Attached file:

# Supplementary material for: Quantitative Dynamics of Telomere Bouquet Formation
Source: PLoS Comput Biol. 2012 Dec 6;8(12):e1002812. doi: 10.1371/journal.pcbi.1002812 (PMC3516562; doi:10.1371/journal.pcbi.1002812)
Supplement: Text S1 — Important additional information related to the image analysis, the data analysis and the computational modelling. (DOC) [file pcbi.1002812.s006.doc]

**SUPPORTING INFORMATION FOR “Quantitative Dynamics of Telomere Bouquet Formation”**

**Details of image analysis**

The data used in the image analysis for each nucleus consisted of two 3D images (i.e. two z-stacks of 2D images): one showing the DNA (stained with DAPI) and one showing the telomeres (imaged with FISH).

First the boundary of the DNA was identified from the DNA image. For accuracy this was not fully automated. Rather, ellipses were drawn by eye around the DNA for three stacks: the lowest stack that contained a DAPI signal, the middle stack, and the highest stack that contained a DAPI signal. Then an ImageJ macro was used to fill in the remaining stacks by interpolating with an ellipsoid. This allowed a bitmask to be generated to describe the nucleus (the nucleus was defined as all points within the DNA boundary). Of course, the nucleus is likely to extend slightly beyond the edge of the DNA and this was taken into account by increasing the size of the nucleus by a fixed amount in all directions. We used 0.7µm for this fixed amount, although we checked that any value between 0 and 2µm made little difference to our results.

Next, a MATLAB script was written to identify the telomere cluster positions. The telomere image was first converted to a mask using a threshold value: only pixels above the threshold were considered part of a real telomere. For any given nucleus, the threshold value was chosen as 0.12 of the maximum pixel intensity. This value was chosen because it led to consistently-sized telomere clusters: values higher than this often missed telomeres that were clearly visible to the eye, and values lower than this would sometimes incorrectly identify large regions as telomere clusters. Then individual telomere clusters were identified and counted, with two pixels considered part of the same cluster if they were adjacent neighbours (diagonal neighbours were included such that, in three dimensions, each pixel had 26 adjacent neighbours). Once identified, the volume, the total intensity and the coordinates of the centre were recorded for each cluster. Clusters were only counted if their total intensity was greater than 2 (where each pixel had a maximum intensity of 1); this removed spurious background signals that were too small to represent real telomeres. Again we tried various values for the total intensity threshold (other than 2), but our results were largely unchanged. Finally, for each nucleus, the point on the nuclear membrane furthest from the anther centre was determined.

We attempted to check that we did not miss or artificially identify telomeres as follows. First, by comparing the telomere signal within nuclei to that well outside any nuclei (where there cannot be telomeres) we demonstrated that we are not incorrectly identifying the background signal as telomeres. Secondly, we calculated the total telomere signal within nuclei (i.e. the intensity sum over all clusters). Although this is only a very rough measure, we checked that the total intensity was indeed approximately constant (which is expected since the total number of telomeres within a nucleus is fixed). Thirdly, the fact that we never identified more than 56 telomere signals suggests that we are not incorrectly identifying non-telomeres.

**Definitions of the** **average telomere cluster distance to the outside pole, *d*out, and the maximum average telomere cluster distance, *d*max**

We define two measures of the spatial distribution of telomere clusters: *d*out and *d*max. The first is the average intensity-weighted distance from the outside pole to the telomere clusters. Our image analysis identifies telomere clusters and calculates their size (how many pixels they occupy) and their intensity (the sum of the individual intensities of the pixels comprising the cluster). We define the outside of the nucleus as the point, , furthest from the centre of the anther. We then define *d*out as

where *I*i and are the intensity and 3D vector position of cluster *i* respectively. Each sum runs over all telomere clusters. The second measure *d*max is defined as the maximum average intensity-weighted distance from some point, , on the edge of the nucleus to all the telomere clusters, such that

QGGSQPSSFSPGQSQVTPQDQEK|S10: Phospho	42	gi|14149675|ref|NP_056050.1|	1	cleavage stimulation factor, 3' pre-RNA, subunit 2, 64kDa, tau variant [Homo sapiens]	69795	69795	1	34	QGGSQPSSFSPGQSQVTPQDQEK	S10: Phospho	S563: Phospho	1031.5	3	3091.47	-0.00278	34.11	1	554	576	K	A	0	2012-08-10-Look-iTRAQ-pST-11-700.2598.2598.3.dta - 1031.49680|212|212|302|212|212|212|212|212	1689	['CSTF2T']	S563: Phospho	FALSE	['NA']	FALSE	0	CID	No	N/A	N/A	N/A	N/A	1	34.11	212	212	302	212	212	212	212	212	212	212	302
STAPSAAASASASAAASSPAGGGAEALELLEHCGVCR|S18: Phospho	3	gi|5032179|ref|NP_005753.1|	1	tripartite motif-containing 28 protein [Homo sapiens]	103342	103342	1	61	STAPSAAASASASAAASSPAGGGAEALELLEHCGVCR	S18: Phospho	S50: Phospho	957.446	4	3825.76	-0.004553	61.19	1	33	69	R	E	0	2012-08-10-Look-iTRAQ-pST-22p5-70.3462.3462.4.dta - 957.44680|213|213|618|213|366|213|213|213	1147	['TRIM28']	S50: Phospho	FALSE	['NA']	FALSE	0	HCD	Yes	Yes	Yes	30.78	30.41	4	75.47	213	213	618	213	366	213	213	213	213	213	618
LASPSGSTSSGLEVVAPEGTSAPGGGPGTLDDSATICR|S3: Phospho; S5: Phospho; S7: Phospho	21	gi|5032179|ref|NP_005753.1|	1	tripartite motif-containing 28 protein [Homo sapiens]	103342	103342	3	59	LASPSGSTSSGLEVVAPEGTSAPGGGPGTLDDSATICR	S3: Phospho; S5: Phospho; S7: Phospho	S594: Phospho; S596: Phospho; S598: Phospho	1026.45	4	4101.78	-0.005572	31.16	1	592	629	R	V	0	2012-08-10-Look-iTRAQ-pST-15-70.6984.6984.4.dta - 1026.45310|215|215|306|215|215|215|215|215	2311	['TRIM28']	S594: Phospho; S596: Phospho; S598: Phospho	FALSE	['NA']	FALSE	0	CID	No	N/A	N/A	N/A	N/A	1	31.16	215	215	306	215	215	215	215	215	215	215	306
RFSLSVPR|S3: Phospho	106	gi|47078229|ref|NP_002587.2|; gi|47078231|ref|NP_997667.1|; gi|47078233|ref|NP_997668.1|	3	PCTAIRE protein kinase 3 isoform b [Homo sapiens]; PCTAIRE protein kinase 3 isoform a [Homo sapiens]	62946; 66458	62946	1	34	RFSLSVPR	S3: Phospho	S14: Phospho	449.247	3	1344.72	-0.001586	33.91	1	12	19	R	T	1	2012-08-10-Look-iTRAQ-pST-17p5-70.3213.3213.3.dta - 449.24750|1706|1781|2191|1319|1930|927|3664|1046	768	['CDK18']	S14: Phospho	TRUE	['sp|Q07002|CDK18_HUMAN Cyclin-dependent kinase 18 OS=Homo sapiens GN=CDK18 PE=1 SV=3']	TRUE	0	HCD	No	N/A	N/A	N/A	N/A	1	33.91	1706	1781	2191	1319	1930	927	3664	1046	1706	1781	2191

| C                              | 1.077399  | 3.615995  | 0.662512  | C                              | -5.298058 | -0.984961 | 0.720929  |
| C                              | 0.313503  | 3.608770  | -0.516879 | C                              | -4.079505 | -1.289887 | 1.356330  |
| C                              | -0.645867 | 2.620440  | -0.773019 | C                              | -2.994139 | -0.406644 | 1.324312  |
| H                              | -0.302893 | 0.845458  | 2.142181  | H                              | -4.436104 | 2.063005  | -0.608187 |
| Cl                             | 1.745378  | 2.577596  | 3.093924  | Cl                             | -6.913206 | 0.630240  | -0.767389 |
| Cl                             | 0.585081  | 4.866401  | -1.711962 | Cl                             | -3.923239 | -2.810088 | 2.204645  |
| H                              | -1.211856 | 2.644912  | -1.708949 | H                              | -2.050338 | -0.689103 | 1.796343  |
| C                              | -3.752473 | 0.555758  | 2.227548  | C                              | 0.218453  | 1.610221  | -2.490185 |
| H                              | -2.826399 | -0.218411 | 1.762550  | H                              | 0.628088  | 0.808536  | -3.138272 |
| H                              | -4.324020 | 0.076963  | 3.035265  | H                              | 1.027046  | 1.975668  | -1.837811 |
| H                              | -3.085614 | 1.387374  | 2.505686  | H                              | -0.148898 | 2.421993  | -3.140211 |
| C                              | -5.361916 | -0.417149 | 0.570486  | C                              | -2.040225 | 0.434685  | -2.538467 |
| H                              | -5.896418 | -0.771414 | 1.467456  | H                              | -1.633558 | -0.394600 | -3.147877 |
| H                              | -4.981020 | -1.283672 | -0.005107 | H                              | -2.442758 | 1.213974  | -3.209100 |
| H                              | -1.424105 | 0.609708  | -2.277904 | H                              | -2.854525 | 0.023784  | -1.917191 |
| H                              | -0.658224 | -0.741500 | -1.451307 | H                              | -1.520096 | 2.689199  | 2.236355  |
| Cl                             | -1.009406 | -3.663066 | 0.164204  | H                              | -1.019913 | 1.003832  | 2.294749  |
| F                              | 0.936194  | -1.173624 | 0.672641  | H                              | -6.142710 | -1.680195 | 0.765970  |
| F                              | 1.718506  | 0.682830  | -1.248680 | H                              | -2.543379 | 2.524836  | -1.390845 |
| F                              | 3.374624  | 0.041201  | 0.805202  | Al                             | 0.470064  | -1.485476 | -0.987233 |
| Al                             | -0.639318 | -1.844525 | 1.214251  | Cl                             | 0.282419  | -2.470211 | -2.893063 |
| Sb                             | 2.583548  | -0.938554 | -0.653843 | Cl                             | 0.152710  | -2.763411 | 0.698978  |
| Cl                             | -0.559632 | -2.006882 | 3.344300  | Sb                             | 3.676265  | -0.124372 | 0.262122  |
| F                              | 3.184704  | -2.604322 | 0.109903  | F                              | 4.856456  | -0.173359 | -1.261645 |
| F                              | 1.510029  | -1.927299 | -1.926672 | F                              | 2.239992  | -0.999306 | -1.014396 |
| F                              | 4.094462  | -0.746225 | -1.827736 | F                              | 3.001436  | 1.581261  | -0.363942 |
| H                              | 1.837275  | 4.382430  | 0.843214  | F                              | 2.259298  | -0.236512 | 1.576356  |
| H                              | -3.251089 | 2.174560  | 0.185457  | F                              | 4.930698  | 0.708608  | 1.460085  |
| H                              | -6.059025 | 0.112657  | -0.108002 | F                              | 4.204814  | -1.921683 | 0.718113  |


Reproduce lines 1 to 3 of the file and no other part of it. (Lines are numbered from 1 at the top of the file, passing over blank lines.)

# Supplementary material for: Quantitative Dynamics of Telomere Bouquet Formation
Source: PLoS Comput Biol. 2012 Dec 6;8(12):e1002812. doi: 10.1371/journal.pcbi.1002812 (PMC3516562; doi:10.1371/journal.pcbi.1002812)
Supplement: Text S1 — Important additional information related to the image analysis, the data analysis and the computational modelling. (DOC) [file pcbi.1002812.s006.doc]